Pew Hispanic Center Report Sheds Light On Ilegal Immigration Debate

by May 4, 2010 0 comments

controversial illegal immigration bill in Arizona, a Pew Hispanic Center reportOn the heels of a controversial illegal immigration bill in Arizona, a Pew Hispanic Center report released this week sheds some new light on the effectiveness of immigration efforts, as well as the Hispanic experience in America.

Arizona’s decision to pass SB 1070 – a law which will authorize local authorities to verify the immigration status of anyone they even suspect of being in the United States illegally, has sparked nationwide attention.

Though The Pew Research Center completed the survey and report prior to SB 1070 being made into law, its findings reveal what many had already suspected: Americans believe Hispanics are the target of racial discrimination more often than other major racial or ethnic groups.

Specifically, nearly one in four (23%) Americans believe “Hispanics are discriminated against ‘a lot’ in society today.” This marks a change from 2001, when the racial/ethnic group most discriminated against were blacks.

In the fact sheet, titled Pew Social and Demographic Trends 2010, the group points out that this law has “generated sharp debate between advocates who say it is needed to combat illegal immigration and opponents who say it is an infringement on civil liberties and an invitation to racial/ethnic profiling of Hispanics by the police.”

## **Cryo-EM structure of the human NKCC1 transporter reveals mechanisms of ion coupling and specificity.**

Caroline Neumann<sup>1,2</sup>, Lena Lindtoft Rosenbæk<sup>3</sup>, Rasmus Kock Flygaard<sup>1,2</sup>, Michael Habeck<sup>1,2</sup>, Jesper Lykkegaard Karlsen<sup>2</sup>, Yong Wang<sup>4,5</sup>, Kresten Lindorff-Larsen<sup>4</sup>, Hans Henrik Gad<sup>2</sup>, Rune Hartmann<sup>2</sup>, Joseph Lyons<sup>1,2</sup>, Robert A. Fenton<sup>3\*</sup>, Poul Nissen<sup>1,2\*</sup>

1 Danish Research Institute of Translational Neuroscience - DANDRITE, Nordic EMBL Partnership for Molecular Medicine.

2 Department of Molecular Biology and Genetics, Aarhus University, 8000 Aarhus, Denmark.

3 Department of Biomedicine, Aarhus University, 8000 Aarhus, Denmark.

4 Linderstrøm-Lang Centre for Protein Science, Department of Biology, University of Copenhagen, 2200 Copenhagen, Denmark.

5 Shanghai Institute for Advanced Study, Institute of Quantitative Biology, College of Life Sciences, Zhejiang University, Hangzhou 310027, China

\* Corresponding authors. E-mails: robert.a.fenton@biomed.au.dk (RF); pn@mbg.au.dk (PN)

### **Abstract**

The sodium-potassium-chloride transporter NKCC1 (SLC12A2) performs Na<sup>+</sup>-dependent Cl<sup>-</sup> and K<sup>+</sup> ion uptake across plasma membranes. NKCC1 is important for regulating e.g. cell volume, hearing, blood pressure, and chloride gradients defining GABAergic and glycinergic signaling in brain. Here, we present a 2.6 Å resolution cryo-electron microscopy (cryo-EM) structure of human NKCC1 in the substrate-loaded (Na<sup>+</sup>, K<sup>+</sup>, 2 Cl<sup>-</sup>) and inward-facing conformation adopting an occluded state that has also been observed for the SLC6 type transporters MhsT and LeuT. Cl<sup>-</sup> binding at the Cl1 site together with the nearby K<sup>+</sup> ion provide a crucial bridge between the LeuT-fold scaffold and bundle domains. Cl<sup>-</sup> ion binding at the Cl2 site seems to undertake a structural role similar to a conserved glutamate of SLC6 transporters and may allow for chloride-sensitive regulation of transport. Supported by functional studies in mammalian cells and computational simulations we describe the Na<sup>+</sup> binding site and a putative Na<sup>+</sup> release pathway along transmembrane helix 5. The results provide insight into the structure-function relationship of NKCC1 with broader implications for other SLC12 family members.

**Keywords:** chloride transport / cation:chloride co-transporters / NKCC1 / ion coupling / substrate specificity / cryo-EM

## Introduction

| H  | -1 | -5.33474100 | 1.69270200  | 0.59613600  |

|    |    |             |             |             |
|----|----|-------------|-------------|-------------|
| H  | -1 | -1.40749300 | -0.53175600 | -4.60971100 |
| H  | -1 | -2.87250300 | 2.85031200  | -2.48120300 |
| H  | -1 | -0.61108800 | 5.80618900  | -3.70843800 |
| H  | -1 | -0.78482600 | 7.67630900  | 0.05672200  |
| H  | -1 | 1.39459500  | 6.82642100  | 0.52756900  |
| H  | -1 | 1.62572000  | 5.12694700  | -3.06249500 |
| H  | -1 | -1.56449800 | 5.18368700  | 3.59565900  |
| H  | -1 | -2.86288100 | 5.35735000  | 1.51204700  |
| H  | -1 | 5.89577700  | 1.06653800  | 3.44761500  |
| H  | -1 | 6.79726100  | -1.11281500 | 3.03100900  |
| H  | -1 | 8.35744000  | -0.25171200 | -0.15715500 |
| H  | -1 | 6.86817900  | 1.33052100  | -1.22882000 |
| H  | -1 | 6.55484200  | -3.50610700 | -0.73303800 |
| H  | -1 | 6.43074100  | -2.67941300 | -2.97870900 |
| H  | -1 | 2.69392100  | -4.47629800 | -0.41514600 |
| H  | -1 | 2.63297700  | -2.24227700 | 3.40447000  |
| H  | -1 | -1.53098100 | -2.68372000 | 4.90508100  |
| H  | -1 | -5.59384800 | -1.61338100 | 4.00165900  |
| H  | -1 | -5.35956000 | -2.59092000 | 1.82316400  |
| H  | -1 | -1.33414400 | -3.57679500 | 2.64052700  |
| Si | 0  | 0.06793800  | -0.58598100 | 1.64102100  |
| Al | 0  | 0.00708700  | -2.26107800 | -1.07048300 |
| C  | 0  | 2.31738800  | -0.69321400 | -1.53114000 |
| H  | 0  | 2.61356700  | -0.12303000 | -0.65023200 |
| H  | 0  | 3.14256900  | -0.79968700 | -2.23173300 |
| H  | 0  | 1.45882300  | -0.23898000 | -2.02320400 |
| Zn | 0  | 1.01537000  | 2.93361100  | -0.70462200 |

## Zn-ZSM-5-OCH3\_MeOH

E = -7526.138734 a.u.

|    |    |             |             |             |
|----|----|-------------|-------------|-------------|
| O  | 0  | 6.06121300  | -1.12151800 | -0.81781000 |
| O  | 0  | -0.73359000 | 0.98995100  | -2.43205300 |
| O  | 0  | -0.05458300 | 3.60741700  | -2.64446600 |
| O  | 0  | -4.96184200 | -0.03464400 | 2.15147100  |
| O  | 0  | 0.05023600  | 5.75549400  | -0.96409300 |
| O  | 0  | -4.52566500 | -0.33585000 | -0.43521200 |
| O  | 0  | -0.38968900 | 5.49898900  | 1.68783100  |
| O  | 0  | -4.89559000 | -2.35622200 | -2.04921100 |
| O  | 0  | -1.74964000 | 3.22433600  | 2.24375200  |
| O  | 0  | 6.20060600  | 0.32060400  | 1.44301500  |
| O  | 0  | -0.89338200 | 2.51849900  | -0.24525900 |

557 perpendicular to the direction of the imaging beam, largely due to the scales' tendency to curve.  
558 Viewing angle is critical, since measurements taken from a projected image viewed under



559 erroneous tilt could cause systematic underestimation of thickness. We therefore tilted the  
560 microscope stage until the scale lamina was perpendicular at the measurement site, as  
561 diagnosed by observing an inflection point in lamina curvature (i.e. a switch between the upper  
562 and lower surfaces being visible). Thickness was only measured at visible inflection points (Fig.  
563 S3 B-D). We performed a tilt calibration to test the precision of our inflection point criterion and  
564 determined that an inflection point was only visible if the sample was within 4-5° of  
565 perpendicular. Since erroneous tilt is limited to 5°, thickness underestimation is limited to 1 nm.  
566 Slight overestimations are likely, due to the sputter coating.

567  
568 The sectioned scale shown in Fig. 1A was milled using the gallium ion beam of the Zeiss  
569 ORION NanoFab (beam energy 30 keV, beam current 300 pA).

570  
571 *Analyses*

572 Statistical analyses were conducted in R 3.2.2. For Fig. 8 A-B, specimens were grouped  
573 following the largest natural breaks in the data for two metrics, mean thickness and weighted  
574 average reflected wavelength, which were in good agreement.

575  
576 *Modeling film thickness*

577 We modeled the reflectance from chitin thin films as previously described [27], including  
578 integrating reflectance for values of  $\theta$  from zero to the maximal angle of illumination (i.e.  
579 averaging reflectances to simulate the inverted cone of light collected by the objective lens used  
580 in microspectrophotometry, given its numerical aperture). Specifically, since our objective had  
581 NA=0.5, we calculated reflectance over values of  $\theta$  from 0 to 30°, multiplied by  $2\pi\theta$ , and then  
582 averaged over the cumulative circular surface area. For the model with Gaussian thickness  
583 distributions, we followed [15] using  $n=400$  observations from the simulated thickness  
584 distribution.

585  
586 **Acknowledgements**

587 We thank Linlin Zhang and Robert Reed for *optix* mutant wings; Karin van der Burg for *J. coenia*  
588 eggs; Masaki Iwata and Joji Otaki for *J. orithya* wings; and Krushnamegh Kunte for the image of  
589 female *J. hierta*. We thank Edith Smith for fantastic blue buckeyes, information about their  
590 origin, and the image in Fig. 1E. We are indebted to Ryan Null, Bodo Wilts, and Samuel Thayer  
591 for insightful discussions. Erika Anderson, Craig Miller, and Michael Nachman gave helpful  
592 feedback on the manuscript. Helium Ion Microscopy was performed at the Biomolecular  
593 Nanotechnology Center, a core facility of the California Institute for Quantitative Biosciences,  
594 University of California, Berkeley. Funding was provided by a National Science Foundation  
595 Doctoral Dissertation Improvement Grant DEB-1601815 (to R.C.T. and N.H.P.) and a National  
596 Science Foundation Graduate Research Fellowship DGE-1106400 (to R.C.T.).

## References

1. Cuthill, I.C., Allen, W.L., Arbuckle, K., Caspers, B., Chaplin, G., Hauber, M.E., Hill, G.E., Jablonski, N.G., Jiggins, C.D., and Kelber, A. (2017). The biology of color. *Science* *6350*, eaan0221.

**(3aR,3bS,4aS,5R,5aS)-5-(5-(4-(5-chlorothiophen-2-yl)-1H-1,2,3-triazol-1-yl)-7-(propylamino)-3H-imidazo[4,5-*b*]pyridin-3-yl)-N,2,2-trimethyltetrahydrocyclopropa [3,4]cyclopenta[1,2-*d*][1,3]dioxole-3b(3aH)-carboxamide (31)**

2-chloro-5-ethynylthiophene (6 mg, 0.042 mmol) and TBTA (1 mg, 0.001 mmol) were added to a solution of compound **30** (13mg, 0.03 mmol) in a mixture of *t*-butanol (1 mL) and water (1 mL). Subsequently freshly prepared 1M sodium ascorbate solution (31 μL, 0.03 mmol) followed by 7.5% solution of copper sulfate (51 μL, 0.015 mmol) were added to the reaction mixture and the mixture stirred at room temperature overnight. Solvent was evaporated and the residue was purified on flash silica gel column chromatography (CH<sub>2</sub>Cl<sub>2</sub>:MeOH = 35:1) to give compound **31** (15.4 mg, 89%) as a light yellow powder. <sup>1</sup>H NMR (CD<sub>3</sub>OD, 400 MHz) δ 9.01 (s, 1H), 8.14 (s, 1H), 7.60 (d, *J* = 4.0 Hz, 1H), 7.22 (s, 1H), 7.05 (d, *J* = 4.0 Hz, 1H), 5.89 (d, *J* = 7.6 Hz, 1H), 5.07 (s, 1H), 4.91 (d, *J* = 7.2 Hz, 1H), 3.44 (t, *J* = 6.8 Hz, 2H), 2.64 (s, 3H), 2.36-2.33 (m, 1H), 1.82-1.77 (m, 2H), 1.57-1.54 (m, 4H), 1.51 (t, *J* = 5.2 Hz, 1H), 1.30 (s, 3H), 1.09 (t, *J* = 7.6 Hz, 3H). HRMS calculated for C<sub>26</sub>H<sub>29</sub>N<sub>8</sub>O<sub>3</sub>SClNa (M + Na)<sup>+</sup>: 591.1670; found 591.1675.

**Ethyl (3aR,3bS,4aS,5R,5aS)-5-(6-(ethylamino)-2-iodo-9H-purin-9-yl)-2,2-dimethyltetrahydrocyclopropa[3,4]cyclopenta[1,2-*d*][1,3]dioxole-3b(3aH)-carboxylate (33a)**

The Pew report found that Hispanics are, in fact, the ethnic group most likely to be illegal immigrants. According to the report, in 2008 there were an estimated 11.9 million undocumented immigrants residing in the United States. Of this number, three out of four (76%) were Hispanic.

A separate Pew Hispanic Center survey, taken in 2008, revealed that more than half (57%) of Latinos worry that they, a family member, or a close friend could be deported. A separate statistic from the Pew Hispanic Center’s 2008 National Survey of Latinos revealed that “one in ten Hispanics had been been stopped by the police or other authorities and asked about their immigration status in the year prior to the survey.” Particularly interesting: native and foreign born Hispanics were equally likely to have said this.

And will SB 1070 help soothe the often-tumultuous relationship between Hispanics and law enforcement? According to the same 2008 survey, fewer than half of all Latinos believe Hispanics are treated fairly by police officers in their community.

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